Minister Morneau said that cabinet will have the final say on what gets built, but to sustain a private investment in the bank, CUPE members are not confident that cabinet will be willing or able to deny investors' proposals. Furthermore, the private sector will still play a key role in shaping the project structure to maximize profits.

When governments propose, design, finance, and build infrastructure projects, the public can hold them to account. However, Bill C-44 limits the bank's public transparency and accountability requirements. It allows project information and investor deals to be kept secret from the public. This means that information about how community infrastructure is being funded, who is involved in projects, and how much investors are profiting will not be available to the public. This is bad news for Canadians who have a right to know how public monies, which will partially fund the bank, are being spent and how public infrastructure is being built.

In conclusion, CUPE offers the following recommendations.

First, the government should establish a public infrastructure bank that provides low-cost financing for new infrastructure projects, and that means public financing. There is no shortage of financing available for the federal government to borrow at low interest rates right now. If this is done through a public bank and lending institution, similar to the Business Development Bank of Canada, CMHC, or EDC, then its investments in borrowing wouldn't need to increase the deficit or net debt any more than the current proposal.

Second, the government should ensure there's stronger accountability, transparency, and review by auditors general over the bank and its projects. The bank should be mandated to provide full public disclosure of all business deals, value-for-money assessments, and contracts. The bank should also have public officials on its board to ensure that it acts in the public interest. Public infrastructure projects must remain public and not turn into secret deals with private corporations.

Finally, the government should not allow private corporations to determine infrastructure priorities, including through unsolicited bids. Instead, it should establish a public and transparent process using evidence-based analysis for truly objective planning of priority infrastructure projects.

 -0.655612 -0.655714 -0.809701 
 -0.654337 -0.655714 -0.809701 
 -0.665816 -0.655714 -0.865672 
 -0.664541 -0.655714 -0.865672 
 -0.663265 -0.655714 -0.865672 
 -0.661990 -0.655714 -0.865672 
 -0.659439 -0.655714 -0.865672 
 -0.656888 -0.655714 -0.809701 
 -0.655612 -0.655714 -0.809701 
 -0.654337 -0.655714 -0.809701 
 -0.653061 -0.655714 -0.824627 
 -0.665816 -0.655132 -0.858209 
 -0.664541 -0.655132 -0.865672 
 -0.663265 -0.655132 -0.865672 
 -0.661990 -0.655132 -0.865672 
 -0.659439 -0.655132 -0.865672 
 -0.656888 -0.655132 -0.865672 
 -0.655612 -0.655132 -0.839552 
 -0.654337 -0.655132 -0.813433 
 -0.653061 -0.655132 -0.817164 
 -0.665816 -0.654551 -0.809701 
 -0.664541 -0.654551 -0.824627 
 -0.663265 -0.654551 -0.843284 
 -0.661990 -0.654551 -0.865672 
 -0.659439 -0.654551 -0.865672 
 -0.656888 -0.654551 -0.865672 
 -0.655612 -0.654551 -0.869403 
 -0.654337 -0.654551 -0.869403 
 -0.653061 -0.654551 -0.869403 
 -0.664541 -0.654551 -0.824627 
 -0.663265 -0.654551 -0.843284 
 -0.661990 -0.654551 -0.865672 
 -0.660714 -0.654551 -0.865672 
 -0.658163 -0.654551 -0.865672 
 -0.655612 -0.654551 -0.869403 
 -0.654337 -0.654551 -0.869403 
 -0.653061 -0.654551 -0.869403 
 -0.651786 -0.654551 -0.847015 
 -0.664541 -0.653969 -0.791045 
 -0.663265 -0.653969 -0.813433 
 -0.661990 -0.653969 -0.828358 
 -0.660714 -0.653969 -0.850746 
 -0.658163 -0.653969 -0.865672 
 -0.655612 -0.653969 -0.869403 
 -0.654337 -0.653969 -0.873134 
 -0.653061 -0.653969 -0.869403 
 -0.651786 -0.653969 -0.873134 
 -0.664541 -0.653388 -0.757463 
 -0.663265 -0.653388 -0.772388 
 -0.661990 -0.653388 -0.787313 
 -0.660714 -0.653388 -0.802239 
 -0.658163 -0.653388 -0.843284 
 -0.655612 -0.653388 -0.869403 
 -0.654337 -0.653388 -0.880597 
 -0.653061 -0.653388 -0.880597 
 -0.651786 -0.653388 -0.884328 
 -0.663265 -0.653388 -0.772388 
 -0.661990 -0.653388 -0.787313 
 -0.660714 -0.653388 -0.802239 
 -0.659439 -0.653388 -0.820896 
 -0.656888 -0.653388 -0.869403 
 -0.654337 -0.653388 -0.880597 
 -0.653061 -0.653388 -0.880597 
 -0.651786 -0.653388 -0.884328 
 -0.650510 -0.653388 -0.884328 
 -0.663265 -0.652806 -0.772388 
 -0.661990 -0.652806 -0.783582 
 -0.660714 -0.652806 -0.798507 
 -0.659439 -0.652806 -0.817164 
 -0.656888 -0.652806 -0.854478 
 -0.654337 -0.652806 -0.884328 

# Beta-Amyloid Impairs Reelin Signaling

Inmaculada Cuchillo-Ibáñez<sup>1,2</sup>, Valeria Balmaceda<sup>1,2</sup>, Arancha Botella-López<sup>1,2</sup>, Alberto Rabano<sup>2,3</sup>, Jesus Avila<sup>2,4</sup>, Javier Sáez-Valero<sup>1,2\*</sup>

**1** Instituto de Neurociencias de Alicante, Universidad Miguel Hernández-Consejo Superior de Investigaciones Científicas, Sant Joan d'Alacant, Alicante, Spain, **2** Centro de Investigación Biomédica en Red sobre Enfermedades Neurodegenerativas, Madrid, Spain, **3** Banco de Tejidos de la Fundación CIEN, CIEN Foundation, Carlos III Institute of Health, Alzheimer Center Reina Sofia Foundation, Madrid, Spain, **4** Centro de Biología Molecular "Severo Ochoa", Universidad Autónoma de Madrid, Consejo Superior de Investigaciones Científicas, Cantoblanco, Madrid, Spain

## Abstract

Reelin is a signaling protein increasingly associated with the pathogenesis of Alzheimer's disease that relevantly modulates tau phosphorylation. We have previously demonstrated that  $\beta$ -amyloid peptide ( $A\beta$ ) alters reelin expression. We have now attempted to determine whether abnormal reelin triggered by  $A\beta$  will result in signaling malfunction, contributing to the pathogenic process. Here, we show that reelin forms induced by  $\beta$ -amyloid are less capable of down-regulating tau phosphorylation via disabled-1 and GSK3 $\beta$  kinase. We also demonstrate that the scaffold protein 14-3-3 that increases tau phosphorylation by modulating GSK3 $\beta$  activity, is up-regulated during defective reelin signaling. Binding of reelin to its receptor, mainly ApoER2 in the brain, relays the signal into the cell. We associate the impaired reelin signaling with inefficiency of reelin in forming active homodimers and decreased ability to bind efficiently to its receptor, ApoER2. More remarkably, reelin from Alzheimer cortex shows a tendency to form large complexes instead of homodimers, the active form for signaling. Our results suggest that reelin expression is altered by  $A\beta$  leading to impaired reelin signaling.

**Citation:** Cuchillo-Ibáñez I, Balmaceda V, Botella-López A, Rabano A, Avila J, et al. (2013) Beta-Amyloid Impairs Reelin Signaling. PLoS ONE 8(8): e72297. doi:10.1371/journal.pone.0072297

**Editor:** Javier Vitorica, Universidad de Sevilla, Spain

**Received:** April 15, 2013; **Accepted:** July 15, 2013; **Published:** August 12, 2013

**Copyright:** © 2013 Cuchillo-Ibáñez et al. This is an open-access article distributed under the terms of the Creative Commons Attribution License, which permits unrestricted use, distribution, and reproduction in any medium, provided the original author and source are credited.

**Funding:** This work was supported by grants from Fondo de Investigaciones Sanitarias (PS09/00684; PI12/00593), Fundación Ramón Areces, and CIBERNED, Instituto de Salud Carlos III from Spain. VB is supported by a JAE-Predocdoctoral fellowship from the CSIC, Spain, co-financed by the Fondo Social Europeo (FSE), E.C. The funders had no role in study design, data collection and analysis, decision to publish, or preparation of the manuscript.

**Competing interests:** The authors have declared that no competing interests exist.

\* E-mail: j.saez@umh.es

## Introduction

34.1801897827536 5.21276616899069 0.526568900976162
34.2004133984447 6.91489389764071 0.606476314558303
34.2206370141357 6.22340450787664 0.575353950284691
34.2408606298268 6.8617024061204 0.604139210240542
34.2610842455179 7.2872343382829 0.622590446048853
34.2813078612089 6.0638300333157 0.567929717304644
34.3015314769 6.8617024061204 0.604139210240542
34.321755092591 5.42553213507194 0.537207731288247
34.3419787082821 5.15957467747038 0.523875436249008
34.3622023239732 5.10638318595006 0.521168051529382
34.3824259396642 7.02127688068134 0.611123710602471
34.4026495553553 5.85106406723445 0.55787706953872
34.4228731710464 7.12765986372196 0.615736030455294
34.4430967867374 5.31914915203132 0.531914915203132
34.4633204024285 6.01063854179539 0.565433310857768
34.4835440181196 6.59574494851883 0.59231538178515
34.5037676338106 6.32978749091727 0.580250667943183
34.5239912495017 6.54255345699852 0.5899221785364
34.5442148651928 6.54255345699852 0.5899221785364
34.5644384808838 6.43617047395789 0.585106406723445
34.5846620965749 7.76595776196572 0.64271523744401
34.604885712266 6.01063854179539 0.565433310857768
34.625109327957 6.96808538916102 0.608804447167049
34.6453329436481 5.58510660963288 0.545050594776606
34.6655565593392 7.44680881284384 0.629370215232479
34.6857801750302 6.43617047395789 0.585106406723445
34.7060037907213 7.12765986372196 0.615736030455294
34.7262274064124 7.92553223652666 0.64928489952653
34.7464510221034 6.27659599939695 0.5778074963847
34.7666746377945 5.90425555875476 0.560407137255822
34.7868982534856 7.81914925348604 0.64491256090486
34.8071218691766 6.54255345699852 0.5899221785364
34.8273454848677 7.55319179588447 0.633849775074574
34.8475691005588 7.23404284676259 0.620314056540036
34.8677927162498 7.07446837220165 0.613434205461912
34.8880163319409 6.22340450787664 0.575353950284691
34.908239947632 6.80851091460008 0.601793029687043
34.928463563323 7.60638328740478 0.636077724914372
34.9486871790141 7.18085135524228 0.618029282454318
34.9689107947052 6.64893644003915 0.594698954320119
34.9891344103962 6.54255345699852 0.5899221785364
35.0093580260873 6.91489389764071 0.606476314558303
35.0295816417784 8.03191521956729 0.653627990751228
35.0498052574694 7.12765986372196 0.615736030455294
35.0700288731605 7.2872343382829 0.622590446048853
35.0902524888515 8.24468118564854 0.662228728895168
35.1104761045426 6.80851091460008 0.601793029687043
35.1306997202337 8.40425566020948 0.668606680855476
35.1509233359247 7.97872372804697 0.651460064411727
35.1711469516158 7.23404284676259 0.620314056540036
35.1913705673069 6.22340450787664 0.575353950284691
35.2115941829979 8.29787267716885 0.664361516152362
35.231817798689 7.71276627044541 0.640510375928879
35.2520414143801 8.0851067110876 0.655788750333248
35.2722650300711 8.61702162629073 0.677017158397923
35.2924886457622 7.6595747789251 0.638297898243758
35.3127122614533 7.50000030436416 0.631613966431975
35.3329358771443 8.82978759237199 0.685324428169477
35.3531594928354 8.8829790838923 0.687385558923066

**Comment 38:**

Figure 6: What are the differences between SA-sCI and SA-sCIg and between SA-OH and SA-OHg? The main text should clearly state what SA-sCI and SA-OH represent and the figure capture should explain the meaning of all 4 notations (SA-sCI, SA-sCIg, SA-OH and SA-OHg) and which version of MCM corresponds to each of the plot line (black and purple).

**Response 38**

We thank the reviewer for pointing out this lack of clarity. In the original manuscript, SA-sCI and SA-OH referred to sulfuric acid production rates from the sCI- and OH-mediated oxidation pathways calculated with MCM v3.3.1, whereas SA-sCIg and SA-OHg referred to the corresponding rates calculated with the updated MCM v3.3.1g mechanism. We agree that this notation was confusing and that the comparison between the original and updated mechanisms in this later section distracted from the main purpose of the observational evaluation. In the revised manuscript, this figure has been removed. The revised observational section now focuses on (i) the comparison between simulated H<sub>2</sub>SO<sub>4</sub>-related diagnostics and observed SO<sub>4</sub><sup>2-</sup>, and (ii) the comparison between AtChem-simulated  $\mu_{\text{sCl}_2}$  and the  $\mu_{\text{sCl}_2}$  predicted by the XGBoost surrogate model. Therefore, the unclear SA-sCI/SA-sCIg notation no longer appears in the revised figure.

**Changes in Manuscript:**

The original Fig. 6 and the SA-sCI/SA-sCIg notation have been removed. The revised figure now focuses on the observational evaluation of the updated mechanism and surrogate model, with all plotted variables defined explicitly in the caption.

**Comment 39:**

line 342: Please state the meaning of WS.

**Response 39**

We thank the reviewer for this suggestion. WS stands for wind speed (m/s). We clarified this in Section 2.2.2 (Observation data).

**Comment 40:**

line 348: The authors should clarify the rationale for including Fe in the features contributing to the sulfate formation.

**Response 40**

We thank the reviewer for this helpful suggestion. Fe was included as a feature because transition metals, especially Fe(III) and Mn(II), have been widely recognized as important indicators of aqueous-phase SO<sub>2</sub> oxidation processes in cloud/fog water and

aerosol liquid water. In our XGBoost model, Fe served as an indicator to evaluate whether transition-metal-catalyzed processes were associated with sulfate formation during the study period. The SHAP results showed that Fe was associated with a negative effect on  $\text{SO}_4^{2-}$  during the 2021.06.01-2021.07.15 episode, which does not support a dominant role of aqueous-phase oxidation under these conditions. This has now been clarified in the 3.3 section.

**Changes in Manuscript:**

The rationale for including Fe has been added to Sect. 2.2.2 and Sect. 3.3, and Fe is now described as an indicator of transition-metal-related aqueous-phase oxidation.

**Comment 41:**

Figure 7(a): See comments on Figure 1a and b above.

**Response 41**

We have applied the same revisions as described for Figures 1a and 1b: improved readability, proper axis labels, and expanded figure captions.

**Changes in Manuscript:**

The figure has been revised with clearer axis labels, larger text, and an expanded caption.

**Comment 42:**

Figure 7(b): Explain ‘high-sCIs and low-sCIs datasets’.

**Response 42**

Thank you.

May 16th, 2017 / 9:10 a.m.
See context


Brian Masse NDP Windsor West, ON

I appreciate that, but your government legislation is not doing the same thing. It's at odds with itself, with this committee, and with the voting in the House of Commons on Bill C-25, so I'd ask you to consider that as that draft legislation works its way through.

The other one to review as a scientist and working so well within our academic communities is Bill C-36. I won't touch on too much of it, but at this point I would appeal for a review of it. It's amazing, Madam Minister, that despite the testimony of Munir Sheikh and Wayne Smith, and other testimony that we had on this committee, not a single amendment was able to pass through this committee with regard to the inclusion of their contributions.

In fact, several witnesses who have high profiles and respect in academia, not only at home here but internationally, and were also the former census operators, both resigning over differences of opinion in the scientific approach to the census going from long form to short form and so forth and also provisions. Not a single word of their testimony, or of any of the witnesses, will be included in the legislation that's been proposed to go back to the House of Commons at this time.